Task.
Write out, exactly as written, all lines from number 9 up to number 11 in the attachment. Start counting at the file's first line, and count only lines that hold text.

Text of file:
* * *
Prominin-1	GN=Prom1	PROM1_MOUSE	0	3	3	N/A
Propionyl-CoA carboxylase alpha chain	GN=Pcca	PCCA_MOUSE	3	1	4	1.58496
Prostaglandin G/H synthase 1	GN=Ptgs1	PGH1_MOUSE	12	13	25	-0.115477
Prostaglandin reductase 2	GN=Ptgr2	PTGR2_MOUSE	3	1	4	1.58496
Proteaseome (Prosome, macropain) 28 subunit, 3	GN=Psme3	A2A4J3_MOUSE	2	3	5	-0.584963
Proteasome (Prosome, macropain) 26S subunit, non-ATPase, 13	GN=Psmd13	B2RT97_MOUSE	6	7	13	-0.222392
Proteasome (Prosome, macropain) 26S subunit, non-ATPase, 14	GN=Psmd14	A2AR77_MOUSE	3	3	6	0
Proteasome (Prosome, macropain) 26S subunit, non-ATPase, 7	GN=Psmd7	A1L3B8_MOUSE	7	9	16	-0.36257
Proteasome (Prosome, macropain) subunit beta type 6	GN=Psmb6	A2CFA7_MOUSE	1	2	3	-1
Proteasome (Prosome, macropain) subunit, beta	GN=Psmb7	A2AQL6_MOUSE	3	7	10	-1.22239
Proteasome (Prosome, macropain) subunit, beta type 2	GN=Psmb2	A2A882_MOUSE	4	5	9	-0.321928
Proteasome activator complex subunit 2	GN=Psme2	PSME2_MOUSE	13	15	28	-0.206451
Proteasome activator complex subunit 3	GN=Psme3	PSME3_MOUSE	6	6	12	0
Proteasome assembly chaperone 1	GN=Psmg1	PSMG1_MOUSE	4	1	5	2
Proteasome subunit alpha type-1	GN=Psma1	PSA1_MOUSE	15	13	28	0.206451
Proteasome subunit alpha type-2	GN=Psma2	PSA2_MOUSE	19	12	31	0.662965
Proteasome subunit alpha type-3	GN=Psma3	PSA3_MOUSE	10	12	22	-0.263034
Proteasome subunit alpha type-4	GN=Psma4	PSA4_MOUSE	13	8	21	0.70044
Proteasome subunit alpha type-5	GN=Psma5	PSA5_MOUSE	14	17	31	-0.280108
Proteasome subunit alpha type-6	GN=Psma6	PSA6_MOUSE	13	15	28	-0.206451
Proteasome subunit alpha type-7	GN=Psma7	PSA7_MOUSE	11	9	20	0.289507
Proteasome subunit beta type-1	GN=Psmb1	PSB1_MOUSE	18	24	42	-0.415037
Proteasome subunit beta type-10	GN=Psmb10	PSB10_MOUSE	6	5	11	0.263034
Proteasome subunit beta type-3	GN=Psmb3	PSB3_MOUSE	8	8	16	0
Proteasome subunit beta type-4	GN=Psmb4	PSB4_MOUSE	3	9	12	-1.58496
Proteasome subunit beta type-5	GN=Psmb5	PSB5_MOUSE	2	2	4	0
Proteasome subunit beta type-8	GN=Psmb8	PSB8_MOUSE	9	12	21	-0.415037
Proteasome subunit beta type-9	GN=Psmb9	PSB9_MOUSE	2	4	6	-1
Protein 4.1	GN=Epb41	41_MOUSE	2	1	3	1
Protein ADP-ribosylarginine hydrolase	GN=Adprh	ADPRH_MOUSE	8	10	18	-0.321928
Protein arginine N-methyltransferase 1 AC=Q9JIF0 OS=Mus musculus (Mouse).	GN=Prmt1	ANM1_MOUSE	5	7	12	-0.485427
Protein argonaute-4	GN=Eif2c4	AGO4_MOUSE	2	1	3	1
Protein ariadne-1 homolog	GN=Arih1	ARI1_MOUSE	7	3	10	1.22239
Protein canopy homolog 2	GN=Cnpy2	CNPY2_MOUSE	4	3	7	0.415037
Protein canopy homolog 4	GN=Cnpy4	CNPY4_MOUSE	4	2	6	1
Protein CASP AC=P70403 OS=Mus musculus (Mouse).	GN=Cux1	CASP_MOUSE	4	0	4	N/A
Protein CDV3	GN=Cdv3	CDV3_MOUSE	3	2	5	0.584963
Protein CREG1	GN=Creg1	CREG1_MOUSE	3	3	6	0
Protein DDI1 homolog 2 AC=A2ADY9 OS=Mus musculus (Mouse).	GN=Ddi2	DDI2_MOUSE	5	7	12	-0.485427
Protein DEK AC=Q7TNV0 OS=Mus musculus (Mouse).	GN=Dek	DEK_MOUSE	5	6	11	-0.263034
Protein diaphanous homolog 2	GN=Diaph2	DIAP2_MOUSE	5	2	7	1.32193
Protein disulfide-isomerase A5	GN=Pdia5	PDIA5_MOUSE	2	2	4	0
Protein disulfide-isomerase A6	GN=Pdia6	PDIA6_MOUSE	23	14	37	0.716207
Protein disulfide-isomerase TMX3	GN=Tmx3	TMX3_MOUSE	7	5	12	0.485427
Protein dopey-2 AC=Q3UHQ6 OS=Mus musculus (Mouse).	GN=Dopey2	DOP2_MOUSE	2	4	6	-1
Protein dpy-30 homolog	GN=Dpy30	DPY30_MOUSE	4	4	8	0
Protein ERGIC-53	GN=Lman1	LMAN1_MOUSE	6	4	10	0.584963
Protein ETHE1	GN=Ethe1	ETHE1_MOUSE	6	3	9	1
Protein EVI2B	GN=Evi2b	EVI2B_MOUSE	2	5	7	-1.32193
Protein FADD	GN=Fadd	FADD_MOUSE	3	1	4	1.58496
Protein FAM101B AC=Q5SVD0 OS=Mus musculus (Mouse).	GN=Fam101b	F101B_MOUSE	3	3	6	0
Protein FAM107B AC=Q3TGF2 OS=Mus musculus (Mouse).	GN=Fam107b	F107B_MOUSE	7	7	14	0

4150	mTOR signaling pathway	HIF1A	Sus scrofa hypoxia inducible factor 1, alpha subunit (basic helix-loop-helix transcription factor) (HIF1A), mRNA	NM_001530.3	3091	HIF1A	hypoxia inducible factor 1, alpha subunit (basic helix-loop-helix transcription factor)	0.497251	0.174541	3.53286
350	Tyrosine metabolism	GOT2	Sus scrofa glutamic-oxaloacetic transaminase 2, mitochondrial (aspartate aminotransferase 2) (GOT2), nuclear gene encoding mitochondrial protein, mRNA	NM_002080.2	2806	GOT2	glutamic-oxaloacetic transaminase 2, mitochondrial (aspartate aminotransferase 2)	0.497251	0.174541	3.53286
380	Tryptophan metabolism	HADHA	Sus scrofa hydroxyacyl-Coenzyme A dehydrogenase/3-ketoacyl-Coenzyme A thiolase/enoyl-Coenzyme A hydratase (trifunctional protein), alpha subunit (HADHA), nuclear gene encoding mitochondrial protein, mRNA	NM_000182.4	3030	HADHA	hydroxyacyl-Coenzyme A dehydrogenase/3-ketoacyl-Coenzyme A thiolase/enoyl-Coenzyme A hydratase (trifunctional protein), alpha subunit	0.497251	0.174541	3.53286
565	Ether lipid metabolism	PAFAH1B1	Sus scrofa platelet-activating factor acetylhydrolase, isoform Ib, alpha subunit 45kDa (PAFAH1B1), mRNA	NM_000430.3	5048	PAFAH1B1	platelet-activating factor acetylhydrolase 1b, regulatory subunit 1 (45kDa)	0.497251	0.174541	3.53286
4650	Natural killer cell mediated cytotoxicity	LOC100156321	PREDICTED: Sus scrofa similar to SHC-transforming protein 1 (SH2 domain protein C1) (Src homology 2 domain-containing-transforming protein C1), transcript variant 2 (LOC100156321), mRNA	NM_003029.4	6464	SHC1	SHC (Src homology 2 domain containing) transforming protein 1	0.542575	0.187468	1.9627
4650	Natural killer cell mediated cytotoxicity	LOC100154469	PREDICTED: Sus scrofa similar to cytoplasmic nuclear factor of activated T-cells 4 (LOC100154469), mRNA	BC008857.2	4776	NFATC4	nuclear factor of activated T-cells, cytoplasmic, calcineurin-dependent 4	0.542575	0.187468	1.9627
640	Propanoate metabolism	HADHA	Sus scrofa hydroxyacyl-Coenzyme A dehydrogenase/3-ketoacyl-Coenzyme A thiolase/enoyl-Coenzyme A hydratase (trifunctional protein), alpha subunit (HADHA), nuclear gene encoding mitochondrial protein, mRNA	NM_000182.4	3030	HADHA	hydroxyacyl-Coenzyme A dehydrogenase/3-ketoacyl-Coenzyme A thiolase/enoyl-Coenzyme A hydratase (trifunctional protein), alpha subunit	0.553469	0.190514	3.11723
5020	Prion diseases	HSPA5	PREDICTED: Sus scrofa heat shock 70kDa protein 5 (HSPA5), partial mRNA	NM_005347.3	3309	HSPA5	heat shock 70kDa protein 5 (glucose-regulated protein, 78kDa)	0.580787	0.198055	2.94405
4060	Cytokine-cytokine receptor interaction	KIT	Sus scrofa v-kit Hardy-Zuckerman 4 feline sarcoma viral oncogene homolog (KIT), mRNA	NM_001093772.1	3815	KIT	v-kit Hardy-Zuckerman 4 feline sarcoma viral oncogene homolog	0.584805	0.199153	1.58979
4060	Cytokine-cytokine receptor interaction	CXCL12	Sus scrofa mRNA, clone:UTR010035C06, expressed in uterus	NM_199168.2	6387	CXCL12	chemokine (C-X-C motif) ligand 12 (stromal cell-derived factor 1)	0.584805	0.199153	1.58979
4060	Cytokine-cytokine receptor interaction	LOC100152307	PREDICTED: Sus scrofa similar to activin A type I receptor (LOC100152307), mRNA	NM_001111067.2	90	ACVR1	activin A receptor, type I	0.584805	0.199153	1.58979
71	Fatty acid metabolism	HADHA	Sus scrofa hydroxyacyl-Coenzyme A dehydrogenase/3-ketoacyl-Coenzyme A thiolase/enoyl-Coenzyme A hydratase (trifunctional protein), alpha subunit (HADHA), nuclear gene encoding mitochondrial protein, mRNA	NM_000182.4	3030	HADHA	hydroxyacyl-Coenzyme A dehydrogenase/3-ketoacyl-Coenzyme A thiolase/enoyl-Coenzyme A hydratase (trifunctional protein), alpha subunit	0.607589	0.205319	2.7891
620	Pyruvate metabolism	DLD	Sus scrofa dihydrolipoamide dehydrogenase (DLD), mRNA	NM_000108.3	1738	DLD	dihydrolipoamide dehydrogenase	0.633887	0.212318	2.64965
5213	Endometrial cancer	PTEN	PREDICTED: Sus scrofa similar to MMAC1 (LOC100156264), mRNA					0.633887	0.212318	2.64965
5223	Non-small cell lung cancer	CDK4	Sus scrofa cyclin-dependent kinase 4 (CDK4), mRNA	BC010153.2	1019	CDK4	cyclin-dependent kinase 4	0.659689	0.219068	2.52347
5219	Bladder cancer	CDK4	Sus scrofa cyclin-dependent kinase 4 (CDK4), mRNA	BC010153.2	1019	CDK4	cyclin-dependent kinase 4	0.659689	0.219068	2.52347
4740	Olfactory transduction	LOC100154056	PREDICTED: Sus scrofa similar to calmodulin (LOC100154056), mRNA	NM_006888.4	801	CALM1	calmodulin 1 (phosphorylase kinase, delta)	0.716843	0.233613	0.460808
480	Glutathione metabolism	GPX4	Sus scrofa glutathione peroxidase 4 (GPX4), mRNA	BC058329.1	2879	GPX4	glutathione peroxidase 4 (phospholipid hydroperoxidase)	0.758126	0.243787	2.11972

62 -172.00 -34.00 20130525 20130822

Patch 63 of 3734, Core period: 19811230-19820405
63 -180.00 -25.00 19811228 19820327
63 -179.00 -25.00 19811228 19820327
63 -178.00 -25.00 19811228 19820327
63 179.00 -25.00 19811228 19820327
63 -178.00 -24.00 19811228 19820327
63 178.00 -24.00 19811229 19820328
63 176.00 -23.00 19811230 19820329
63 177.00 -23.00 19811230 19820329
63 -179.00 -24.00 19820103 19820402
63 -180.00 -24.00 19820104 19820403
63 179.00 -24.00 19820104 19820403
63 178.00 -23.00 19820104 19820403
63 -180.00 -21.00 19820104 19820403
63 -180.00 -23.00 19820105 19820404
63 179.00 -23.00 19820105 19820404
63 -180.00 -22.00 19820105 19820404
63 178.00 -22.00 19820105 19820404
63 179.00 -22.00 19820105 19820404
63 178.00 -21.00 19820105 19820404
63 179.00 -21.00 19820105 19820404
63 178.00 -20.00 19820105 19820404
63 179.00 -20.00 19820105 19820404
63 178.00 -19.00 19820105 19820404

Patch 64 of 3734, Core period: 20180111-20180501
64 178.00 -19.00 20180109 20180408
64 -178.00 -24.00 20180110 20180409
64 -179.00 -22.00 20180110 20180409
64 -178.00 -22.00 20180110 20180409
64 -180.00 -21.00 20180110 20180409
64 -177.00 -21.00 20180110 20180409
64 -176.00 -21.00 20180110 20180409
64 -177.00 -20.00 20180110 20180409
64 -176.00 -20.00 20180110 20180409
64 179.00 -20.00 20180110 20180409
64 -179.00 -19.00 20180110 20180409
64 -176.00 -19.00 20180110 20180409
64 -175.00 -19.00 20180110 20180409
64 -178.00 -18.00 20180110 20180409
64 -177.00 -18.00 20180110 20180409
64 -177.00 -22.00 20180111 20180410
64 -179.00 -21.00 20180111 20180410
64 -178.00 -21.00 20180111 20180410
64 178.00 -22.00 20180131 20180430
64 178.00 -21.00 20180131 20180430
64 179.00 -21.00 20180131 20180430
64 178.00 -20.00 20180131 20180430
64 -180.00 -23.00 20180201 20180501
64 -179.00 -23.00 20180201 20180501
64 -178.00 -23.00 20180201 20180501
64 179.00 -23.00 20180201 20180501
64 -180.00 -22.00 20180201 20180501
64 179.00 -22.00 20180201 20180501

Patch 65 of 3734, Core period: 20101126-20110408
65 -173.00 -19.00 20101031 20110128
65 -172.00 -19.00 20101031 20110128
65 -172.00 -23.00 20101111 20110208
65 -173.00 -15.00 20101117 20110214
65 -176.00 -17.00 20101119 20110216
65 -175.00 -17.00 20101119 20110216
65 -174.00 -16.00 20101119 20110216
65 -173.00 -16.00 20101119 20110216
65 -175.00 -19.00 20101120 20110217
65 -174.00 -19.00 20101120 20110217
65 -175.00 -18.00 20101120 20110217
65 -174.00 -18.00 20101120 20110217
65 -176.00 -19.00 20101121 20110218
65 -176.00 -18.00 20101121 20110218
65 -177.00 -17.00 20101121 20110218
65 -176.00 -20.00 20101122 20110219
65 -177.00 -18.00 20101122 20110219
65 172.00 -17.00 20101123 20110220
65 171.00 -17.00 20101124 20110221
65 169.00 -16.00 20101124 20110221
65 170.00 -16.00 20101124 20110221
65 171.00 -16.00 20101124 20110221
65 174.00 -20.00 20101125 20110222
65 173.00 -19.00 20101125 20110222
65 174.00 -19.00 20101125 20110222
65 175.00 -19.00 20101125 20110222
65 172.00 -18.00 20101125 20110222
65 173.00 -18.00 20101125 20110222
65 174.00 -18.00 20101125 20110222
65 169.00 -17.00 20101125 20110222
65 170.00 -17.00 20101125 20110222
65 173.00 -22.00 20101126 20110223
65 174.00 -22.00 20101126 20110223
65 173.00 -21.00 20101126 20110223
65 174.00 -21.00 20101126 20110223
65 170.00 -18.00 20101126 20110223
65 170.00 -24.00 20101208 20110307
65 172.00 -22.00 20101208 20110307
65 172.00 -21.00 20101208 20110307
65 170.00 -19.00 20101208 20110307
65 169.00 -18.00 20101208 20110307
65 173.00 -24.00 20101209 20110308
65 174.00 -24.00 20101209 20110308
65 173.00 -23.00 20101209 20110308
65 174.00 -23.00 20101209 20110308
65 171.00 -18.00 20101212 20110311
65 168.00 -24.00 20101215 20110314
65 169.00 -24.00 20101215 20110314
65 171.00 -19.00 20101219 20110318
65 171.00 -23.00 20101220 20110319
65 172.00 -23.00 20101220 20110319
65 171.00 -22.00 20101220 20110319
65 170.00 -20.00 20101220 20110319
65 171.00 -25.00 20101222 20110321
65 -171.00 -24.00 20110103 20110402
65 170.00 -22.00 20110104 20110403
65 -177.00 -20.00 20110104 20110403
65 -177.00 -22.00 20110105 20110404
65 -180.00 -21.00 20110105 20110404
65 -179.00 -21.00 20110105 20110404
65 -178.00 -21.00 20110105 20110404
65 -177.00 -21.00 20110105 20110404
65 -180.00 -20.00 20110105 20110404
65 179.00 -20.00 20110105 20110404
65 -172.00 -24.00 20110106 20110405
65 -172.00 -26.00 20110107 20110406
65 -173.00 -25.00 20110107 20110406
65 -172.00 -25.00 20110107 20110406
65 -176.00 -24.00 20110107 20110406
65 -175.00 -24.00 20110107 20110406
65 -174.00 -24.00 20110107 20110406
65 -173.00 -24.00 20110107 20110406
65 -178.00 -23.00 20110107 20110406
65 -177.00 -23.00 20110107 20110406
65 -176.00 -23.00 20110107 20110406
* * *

Proteasome (Prosome, macropain) subunit beta type 6	GN=Psmb6	A2CFA7_MOUSE	1	2	3	-1
Proteasome (Prosome, macropain) subunit, beta	GN=Psmb7	A2AQL6_MOUSE	3	7	10	-1.22239
Proteasome (Prosome, macropain) subunit, beta type 2	GN=Psmb2	A2A882_MOUSE	4	5	9	-0.321928